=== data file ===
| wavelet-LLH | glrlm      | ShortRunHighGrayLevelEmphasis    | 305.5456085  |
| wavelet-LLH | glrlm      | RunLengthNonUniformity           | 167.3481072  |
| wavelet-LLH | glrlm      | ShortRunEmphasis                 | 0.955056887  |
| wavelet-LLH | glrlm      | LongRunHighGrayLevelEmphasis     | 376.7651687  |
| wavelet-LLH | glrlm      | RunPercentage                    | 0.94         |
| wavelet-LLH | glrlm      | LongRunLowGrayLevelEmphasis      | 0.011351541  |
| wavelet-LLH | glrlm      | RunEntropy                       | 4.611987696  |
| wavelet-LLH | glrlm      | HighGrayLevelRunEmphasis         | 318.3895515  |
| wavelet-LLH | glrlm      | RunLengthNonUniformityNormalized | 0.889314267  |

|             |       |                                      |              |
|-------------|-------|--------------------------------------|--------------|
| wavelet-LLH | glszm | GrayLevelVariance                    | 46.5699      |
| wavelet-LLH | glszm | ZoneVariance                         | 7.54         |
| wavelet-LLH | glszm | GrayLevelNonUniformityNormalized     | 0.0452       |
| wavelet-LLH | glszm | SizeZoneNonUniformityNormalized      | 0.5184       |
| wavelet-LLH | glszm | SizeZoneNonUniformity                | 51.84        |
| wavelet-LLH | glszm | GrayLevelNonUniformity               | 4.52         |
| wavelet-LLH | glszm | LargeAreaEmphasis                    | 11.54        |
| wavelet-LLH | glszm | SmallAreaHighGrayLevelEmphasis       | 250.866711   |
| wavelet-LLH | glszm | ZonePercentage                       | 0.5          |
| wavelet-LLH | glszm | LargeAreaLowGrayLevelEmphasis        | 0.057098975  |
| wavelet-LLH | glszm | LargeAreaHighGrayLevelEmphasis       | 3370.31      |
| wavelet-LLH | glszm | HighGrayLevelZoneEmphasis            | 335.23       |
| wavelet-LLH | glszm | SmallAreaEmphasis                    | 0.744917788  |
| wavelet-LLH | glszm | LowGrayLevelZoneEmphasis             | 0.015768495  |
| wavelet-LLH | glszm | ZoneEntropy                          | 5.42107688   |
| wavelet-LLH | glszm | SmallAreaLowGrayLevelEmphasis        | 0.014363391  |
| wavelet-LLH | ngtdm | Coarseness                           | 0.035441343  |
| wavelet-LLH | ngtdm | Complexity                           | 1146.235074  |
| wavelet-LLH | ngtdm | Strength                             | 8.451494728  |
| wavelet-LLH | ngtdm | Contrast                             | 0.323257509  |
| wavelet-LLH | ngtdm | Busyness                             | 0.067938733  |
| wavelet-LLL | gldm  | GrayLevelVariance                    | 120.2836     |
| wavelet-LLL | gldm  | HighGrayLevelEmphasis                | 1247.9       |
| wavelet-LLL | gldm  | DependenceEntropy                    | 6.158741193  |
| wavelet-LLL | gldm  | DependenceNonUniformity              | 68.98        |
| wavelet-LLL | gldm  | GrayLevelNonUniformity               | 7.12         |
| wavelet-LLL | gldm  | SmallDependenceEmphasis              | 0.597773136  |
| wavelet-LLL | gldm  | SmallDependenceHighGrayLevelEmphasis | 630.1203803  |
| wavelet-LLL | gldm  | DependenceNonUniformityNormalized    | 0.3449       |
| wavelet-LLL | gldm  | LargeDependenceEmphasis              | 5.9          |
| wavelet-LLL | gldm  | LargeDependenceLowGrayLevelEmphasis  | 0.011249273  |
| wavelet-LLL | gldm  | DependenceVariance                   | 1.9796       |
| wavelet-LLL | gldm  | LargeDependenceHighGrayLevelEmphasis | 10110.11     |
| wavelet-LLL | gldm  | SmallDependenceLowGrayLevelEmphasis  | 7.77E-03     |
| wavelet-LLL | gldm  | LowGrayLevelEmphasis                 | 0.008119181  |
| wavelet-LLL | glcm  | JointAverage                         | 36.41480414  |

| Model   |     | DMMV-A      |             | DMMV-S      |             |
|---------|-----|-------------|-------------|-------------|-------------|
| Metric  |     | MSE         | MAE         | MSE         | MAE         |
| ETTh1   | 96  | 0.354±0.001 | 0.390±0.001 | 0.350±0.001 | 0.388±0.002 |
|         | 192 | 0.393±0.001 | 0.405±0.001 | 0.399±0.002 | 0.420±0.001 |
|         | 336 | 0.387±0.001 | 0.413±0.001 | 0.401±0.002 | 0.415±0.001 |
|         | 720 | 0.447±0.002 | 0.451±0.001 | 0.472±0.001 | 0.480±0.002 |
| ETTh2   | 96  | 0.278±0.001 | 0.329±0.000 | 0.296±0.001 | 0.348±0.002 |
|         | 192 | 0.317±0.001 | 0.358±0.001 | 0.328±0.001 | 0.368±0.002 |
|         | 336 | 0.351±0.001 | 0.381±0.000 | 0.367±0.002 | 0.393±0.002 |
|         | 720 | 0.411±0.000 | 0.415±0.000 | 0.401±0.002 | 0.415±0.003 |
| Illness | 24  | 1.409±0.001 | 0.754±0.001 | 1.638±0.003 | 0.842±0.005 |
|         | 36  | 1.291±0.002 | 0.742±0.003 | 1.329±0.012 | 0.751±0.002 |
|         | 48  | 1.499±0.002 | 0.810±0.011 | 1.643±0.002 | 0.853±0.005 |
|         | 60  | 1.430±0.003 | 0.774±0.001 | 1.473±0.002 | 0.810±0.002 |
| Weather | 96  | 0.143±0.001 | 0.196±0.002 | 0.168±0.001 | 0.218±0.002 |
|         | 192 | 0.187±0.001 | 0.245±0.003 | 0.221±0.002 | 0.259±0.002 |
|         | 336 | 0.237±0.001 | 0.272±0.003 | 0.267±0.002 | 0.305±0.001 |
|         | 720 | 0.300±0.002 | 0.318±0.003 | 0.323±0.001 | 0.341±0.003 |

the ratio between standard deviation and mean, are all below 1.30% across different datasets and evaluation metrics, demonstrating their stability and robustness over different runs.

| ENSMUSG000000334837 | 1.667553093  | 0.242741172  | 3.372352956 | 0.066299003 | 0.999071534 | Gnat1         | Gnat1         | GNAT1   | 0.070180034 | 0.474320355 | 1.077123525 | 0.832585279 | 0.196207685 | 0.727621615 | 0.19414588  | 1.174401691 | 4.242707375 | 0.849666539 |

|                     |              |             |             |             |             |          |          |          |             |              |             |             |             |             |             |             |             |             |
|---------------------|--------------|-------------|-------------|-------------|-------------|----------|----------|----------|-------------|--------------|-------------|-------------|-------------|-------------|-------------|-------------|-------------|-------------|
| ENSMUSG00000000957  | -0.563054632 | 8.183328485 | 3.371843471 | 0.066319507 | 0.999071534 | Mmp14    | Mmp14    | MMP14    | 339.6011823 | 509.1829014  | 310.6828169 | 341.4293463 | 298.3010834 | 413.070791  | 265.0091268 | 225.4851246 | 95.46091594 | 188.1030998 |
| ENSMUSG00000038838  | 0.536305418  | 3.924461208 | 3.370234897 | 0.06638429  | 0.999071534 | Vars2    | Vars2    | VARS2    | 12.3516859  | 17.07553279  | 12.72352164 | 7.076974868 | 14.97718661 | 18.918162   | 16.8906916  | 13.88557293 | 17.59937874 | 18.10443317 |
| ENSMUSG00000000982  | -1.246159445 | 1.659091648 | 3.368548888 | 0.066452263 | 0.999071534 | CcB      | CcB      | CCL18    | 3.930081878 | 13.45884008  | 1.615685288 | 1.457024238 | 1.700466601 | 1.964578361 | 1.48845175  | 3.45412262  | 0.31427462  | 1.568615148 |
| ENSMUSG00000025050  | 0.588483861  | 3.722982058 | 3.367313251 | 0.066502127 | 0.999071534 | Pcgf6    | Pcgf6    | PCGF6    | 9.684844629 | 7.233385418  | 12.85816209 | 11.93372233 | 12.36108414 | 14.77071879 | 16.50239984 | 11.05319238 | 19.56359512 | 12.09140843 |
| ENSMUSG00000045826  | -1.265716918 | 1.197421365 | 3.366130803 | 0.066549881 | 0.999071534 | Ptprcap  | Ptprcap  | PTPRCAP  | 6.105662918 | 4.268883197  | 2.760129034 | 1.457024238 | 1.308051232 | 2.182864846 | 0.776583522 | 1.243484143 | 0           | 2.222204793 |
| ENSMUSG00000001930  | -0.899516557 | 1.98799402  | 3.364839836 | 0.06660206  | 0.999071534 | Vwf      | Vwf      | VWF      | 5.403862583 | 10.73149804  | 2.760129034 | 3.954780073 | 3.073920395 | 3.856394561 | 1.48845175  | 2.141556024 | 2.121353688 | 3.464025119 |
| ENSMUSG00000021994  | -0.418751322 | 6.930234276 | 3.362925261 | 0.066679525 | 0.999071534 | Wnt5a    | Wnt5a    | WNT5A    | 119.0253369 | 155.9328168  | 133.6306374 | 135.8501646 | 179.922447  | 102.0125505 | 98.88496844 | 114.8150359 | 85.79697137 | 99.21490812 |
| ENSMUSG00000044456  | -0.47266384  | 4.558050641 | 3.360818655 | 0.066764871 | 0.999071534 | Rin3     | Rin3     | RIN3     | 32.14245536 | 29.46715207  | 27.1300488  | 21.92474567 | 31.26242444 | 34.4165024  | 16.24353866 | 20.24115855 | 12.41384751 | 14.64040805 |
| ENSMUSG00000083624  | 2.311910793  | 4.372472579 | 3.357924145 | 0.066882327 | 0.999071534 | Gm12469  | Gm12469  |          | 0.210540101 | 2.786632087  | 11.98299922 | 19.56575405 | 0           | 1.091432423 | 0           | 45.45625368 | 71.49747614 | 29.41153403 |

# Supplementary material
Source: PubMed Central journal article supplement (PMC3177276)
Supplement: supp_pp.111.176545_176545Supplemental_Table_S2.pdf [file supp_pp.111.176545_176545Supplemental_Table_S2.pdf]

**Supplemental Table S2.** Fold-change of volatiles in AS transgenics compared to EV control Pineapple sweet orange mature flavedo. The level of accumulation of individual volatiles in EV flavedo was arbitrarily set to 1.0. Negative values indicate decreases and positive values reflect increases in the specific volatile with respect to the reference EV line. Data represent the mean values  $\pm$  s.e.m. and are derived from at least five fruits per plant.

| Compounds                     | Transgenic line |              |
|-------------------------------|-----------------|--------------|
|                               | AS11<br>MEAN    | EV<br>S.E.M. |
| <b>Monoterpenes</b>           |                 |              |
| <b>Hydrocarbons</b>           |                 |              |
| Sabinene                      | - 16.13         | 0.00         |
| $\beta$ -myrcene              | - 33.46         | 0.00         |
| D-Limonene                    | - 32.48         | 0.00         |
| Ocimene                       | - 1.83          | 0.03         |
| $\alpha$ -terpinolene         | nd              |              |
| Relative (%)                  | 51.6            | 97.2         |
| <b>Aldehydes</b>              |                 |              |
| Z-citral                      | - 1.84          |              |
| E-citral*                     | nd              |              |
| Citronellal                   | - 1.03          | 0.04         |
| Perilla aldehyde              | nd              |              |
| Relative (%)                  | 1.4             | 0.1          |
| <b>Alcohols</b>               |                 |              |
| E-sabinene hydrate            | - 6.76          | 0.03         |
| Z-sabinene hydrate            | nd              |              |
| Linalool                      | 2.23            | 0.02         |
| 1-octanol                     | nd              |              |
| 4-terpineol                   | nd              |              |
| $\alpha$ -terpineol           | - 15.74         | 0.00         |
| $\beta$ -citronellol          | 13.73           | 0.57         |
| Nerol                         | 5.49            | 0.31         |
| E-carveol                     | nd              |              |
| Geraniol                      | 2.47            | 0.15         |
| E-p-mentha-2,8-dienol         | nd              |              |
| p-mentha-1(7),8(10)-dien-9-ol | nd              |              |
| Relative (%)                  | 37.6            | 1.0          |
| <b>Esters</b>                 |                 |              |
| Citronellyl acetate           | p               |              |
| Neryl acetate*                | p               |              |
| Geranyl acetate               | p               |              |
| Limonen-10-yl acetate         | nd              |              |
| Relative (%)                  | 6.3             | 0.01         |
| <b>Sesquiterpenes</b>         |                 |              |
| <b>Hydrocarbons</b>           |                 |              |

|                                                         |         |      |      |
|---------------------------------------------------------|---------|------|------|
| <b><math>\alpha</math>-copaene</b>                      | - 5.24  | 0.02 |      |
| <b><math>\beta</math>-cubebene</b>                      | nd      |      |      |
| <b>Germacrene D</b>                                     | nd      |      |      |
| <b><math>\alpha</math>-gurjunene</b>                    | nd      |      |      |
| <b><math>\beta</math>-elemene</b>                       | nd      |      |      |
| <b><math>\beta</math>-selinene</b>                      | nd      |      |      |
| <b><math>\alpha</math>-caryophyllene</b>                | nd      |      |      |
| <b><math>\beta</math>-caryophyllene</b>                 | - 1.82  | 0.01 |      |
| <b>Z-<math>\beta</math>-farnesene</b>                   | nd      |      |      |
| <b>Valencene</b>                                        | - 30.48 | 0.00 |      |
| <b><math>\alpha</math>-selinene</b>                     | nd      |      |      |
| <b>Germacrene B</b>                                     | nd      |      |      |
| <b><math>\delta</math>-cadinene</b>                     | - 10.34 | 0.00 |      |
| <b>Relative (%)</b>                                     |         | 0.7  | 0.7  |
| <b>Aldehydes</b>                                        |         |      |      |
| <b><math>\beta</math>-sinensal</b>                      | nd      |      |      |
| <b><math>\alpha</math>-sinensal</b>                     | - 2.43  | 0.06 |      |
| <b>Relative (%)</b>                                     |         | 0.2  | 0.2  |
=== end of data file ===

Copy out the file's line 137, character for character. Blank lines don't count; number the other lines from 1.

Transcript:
| <b><math>\delta</math>-cadinene</b>                     | - 10.34 | 0.00 |      |